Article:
I gradually developed the skills and vocabulary I needed to identify organisms more accurately though. Being able to identify an organism’s family became much easier and the few that I narrowed to the level of genus or species constituted major victories. One of the most incredible changes that I have noticed is that I have become much more observant. You never know how much you are missing until you can tell the difference between organisms. Sure, a field is full of plants and animals. It becomes rewarding, though, when you understand what organisms are there and how they interact. I became much more dedicated to the project as I put in more time and effort. While it was often difficult or frustrating, I kept working and became more determined. This project is important because the data can be used by researchers to advance scientific knowledge, and I am really glad to be a part of that quest.

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This guest post is by Margaret (Maggie) Wolf, a camps participant from 2015-2017 from Kansas City, KS. Last summer, Maggie participated in the Expedition Ecuador wildlife biology camp. Following this program, Maggie was selected for the 2017 Sternberg Camps data curation paid internship. With guidance, Maggie organized and entered wildlife documentation data from the Expedition Ecuador and Southwest Biology Camps into online databases iNaturalist and eBird. Maggie will be returning to the camps this coming summer as a teaching assistant.

To get a glimpse of Maggie’s work during her internship, please check out the Sternberg Science Camps pages on iNaturalist, and eBird.

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BySternberg Museum

Camps Blog: Hello from the Head Outdoor Nerd

Welcome to the Sternberg Science Camps Blog! My name is David. I’m the Director and lead instructor for the Sternberg Science Camps. 

Let me tell you, in abbreviated fashion, how a pop-up book brought me to Kansas. 

When I was three years old, living in California, my uncle got me a pop-up book of dinosaurs. Now I work at a museum in Kansas. 

Oh… Too brief… 

So this pop-up book of dinosaurs also featured pop-up paleontologists! Little paper people digging up little paper dinosaurs. Apparently, digging up dinosaurs and showing them off to everyone was an actual job grownups do! At age 3, that sounded like the raddest way I could possibly spend my time. I quickly set to work practicing by digging up a small stick in the backyard, which I proudly proclaimed was a mammoth tusk. I carried the “tusk” around for quite some time, telling everyone I could about it. From kindergarten onward, I was *that kid* in all my classes. If I had my way, everything I did would somehow incorporate fossils and prehistoric creatures.  EVERYTHING.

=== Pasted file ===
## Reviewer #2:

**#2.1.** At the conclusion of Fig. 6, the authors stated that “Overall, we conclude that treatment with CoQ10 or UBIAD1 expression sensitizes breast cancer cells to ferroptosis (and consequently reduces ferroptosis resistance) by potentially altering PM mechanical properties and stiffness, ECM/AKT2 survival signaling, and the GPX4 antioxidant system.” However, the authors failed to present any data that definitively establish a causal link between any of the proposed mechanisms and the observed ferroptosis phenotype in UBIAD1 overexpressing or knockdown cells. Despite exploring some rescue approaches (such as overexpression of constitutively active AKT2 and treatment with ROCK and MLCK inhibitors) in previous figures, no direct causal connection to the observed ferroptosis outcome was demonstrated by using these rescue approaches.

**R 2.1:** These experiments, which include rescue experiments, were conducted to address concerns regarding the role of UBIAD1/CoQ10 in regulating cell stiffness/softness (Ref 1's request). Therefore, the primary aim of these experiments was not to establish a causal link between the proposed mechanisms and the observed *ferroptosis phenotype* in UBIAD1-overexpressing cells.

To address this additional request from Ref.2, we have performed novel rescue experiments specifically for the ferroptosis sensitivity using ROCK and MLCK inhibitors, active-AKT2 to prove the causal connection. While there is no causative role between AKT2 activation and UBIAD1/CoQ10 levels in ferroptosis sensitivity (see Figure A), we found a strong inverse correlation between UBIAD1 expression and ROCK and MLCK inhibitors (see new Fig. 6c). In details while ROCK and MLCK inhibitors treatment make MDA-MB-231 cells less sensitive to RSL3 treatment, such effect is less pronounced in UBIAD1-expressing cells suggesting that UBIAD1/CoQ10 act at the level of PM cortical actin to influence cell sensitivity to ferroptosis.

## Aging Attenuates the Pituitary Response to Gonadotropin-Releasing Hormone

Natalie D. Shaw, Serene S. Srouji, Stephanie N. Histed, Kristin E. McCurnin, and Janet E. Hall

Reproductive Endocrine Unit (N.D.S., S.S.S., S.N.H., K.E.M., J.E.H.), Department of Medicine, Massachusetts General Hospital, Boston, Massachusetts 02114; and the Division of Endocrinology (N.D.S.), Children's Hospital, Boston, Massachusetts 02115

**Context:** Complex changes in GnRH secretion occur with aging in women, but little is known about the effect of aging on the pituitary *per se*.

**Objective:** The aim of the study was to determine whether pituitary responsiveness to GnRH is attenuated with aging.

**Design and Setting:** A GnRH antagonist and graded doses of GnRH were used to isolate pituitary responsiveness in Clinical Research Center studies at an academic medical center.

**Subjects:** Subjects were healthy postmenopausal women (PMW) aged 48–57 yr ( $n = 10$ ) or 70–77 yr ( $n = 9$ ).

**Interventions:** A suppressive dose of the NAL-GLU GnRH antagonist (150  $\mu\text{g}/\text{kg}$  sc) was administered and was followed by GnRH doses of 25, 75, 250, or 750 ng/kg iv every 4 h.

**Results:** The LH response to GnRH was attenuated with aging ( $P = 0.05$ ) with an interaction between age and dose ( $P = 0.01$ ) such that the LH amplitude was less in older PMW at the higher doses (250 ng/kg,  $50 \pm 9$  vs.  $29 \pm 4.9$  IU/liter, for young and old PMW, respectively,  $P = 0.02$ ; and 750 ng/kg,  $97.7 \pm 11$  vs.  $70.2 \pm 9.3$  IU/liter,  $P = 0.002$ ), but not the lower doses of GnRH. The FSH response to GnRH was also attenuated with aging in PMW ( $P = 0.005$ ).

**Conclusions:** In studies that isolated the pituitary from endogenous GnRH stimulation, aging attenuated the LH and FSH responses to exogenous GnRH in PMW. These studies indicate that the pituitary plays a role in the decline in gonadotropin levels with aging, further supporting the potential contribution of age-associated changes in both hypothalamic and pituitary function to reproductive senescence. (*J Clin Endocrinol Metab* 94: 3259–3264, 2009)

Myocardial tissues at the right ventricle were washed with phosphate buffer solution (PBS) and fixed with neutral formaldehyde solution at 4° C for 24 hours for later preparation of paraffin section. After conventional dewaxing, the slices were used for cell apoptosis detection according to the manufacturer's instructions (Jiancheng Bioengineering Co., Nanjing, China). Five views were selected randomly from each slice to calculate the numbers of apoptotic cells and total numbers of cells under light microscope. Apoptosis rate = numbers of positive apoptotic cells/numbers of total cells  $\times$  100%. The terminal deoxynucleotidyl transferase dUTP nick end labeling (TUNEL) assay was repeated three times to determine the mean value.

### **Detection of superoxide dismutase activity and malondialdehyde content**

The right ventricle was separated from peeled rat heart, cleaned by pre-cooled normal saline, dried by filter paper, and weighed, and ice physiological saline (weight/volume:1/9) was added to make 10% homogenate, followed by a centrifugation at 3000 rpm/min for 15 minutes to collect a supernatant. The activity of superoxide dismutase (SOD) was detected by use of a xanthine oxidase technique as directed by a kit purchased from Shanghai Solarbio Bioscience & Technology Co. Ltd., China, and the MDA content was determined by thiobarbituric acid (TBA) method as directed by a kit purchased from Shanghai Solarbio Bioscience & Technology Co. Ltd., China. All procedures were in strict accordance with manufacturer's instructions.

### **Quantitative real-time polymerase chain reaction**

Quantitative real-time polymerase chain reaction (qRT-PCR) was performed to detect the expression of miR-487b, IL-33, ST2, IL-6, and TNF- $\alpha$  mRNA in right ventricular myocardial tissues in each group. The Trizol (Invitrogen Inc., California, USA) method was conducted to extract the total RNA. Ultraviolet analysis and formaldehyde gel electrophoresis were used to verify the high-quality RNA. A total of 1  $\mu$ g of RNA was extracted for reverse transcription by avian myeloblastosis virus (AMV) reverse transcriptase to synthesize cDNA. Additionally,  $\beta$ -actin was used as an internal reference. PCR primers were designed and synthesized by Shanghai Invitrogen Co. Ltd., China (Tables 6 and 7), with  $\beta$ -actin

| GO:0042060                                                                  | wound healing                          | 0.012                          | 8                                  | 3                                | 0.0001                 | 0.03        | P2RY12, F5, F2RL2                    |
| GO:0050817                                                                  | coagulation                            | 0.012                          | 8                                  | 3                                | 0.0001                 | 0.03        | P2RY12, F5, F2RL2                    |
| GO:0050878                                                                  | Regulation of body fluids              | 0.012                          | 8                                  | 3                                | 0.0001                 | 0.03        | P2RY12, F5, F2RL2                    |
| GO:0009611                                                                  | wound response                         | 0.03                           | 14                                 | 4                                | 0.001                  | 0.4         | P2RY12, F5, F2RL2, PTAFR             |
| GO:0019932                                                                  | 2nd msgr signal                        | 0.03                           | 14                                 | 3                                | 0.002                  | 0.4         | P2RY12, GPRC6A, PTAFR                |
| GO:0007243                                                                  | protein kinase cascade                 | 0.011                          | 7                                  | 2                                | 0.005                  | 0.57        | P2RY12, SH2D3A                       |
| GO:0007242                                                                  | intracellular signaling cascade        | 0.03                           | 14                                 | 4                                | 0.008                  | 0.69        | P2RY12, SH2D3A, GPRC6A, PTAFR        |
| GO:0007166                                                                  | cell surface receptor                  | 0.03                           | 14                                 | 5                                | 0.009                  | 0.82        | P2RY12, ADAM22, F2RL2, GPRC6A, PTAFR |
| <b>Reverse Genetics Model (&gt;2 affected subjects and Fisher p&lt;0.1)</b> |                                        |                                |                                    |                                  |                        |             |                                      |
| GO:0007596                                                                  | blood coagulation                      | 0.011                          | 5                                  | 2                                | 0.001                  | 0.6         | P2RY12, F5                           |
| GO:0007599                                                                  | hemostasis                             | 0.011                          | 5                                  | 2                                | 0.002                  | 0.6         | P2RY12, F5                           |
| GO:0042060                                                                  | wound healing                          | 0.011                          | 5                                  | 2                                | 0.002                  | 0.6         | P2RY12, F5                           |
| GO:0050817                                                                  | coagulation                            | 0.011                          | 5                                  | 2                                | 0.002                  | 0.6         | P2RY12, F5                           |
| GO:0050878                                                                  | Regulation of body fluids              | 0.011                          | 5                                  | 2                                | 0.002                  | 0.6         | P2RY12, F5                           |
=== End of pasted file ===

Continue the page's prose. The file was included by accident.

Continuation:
Along the way, I dabbled a bit in Boy Scouts and did a lot of camping with my family. Scouts was fine, but I was far more interested in looking for cool rocks and flipping logs for critters than building towers with poles and twine. (I definitely picked up a ton of useful skills in the Scouts, but the culture of it never really jived with me.) Then, one summer in high school, my parents got me signed up for a paleontology camp in Alberta, Canada. BOOM. BEST TWO WEEKS EVER. While on that camp, I got recruited as a counselor for a science camp program in Oregon. Three summers later (by then I was a junior in college at Oregon), I was leading that same paleontology camp with my own group of high school students. This was, next to that pop-up book, one of the most impactful experiences of my life. I loved teaching the students new skills. I loved talking to them about their interests and goals, and how they could work to achieve them. I loved helping them explore and learn and grow. This is what I needed to be doing, somehow. 

While I still had my sights set on being a professor or some such occupation eventually, these camp experiences – as a student, and as an instructor – stuck in my brain. An overall successful misadventure in graduate school later, and I landed here at the Sternberg, intent on establishing my own outdoor science education programs.

Education Director David Levering (far left) with his first group of high school paleontology camp students. (Summer 2006)

Education Director David Levering (far left) with his first group of high school paleontology camp students. (Summer 2006)

Four years later, and the Sternberg Camps are flourishing. I could not be more thrilled to be working with such bright, driven, inquisitive students each summer. I can’t wait to see what paths they take, and what discoveries and contributions they make along the way.

Thanks for reading! I’ll have a few new posts up soon. One, about the use of music as a sneaky team-building tool in outdoor education, and a guest post from camps intern and alumna Maggie Wolf, about her work this past fall curating field data from the high school biology camps.

Cheers,
David

Going over mapping skills with 2015 Sternberg Paleontology Camp students in Kansas.

Going over mapping skills with 2015 Sternberg Paleontology Camp students in Kansas.